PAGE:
Although her two sons were baptized Catholic, Olmos didn’t feel the pull toward the faith until she started teaching in Catholic schools — at St. Luke in Shoreline from 1985–1992, and at Holy Rosary in Edmonds beginning in 1989. For three years, she taught music at both schools.
At Holy Rosary, the principal asked Olmos if she could play for school Masses. Olmos wasn’t familiar with the order of the Mass and a lot of the songs, but figured she could muddle her way through with some help.
At first, a colleague sat on the piano bench with Olmos, telling her, “Go,” when it was time for the music to begin. “Then I’d start playing the Holy, Holy and everybody would sing it,” she recalled.
“After four years of playing Masses and being around this wonderful priest [then-pastor Father Jarlath Heneghan] and all the wonderful people, I just wanted to become … part of the family,” Olmos said. “It was who they were that drew me.”
One of them was Linda Mooney, the school secretary who became Olmos’ sponsor when she joined the church in 1993. “She and I just connected,” Mooney said. “She’d ask me questions and I’d answer them to the best of my ability.”
Olmos said the faith and the beauty of the Mass resonated in a way that her experiences in other churches had not. “I felt like I was evolving into a higher state of worship,” she said. “I love the feeling of the sacred and deep devotion to the word, to the poor, to everything that Jesus wants us to be. I was really impressed that Catholics were taking it seriously.”
Connected to Mary
Olmos has never spoken openly to her family about her conversion to Catholicism. But she figures they have to know, “when they come to my house and they see the Pietà, they see my rosary by the bed, things like that,” she said, laughing. “I think there is an acceptance now. They know that I did not spontaneously combust or anything.”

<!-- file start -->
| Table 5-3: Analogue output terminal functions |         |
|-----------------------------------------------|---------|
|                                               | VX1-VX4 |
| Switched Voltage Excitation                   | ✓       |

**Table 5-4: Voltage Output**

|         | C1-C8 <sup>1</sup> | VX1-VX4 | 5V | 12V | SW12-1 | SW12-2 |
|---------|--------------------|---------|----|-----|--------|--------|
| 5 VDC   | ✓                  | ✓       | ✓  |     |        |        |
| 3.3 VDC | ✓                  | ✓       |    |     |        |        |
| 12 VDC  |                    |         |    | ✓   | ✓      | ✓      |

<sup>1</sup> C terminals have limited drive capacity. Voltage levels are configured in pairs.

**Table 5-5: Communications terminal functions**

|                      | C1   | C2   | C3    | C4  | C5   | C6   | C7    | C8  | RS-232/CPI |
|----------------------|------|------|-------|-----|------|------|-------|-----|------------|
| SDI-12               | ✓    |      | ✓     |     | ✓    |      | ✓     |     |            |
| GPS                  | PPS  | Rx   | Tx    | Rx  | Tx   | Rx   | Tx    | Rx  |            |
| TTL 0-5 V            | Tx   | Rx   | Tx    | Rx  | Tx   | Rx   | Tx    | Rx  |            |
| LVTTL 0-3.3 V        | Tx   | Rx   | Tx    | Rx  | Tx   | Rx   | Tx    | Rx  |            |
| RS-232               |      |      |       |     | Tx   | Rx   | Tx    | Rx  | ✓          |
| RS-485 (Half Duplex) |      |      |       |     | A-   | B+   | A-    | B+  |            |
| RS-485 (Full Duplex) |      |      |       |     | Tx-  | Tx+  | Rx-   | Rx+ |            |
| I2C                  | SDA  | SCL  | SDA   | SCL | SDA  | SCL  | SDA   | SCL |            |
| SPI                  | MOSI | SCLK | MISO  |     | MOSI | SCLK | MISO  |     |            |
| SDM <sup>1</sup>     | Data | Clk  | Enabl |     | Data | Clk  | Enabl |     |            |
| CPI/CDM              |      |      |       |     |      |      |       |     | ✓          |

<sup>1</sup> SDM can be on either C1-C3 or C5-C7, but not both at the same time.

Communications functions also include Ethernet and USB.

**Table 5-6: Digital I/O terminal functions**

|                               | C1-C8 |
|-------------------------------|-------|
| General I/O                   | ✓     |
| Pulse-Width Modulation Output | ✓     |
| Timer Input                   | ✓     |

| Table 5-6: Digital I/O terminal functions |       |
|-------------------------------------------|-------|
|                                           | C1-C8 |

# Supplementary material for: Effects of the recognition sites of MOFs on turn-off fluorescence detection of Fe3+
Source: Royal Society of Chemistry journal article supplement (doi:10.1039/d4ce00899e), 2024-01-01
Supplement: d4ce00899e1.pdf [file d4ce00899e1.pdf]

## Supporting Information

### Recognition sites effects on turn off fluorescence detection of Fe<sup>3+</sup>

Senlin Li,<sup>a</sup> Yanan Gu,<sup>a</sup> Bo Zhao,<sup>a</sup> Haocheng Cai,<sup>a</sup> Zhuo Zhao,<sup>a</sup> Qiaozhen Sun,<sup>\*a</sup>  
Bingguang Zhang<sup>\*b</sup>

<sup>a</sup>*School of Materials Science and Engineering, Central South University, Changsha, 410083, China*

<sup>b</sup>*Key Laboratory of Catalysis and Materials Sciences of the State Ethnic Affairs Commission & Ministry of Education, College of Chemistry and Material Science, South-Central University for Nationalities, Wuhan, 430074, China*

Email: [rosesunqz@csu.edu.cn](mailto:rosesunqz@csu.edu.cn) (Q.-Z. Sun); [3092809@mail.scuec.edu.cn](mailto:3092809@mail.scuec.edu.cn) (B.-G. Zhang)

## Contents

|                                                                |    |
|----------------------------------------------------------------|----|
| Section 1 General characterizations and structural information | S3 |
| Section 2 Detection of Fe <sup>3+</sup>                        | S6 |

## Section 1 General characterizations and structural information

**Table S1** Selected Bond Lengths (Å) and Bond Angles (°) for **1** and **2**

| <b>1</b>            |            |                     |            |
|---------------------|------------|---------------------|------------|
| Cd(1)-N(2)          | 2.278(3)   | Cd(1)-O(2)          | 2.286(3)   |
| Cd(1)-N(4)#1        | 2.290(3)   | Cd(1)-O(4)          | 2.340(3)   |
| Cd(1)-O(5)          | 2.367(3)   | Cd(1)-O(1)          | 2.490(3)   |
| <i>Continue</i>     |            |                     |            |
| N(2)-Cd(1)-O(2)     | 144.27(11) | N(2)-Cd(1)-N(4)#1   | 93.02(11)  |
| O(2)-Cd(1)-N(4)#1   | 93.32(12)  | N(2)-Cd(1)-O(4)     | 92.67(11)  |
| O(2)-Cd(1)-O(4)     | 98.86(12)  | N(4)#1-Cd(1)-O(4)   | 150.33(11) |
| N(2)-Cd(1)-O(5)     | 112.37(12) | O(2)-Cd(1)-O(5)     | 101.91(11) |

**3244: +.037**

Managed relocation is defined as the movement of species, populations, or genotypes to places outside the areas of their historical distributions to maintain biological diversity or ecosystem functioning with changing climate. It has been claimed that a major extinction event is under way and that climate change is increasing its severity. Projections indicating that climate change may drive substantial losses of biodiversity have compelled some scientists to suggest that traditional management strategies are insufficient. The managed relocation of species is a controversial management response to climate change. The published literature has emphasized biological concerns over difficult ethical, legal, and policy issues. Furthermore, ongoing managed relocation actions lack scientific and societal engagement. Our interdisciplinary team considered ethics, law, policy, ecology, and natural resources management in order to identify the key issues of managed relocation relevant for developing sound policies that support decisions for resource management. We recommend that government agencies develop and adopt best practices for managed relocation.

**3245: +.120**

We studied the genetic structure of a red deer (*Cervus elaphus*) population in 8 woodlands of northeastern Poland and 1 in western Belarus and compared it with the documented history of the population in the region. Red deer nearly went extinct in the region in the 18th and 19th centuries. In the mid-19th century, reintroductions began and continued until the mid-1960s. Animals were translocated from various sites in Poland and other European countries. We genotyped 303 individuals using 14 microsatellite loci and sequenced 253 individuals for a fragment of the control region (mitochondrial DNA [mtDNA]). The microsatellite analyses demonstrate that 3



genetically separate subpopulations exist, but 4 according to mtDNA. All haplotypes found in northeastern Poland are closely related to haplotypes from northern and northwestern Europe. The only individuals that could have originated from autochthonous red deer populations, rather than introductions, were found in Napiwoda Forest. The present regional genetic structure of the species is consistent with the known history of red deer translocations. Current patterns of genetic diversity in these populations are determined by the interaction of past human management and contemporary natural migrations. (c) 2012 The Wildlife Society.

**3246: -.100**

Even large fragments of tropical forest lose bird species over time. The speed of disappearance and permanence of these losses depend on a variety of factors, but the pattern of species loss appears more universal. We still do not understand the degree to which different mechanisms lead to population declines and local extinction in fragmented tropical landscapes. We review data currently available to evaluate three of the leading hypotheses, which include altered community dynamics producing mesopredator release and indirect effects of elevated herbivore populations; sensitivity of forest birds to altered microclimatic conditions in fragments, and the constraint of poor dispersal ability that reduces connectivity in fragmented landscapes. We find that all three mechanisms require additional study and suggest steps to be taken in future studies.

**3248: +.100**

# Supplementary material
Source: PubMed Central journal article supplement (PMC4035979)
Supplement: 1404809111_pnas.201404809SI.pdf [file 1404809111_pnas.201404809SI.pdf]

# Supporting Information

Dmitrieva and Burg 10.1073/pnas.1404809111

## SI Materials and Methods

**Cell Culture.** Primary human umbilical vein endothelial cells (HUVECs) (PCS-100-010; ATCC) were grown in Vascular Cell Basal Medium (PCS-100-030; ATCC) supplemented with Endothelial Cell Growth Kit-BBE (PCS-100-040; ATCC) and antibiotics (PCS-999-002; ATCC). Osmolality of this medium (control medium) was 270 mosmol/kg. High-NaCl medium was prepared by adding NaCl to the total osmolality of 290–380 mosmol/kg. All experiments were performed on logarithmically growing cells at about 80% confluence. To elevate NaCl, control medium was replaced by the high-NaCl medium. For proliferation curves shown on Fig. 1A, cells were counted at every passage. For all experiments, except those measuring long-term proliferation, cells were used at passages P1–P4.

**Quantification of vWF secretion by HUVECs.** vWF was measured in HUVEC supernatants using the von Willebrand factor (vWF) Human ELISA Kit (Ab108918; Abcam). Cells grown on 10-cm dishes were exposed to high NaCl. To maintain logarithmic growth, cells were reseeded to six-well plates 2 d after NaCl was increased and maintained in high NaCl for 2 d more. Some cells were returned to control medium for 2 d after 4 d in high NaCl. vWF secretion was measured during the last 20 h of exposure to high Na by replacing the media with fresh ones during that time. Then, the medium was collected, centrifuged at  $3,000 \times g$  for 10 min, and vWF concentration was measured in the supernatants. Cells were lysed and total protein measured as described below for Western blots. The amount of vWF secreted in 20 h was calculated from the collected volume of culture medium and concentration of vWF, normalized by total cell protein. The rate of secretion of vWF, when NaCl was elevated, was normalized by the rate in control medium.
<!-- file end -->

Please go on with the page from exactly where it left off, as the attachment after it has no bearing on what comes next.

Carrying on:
Even before becoming Catholic, Olmos felt a connection to Mary, as more than just a Bible story.
“I just think she’s beautiful,” Olmos said. “I also relate to her as a mother. There’s no worse pain than to suffer for your children, and she certainly did.”
In Olmos’ musical, Mary sings about the pain of having to let her son go, because “there’s a bigger purpose here; it’s not all about her,” Olmos said. “When you look at the places she’s appeared, that is basically her message to the world: It’s not about me; I’m pointing the way to my son.”
Olmos continues composing and singing, both at church and with a jazz band, Ocean, formed a couple of summers ago with a teacher and musicians from Holy Rosary. At the parish, Olmos takes pride in the adult choirs — the traditional choir with its “epic” sound, and the smaller contemporary choir known for its cutting-edge Christian music (with Olmos joining in the vocals).
“She’s very exuberant about what she does,” said Paige McDonald, who has been a member of Holy Rosary’s traditional choir off and on for 15 years. “She really imparts that love of not just the music itself, but the music ministry. It’s all about giving glory to God, what we can do to bring that … extra dimension of spirituality to people.”
Olmos also sings at parish funerals, lending her voice in celebration, not sadness. “I really feel like heaven comes down and we’re surrounding that person and welcoming them into the kingdom, celebrating their life,” Olmos explained.
Music is a “powerful phenomenon,” she said, “and I’m privileged to be able to have that be part of my job in this life.”
Music to your ears
Northwest Catholic - June 2016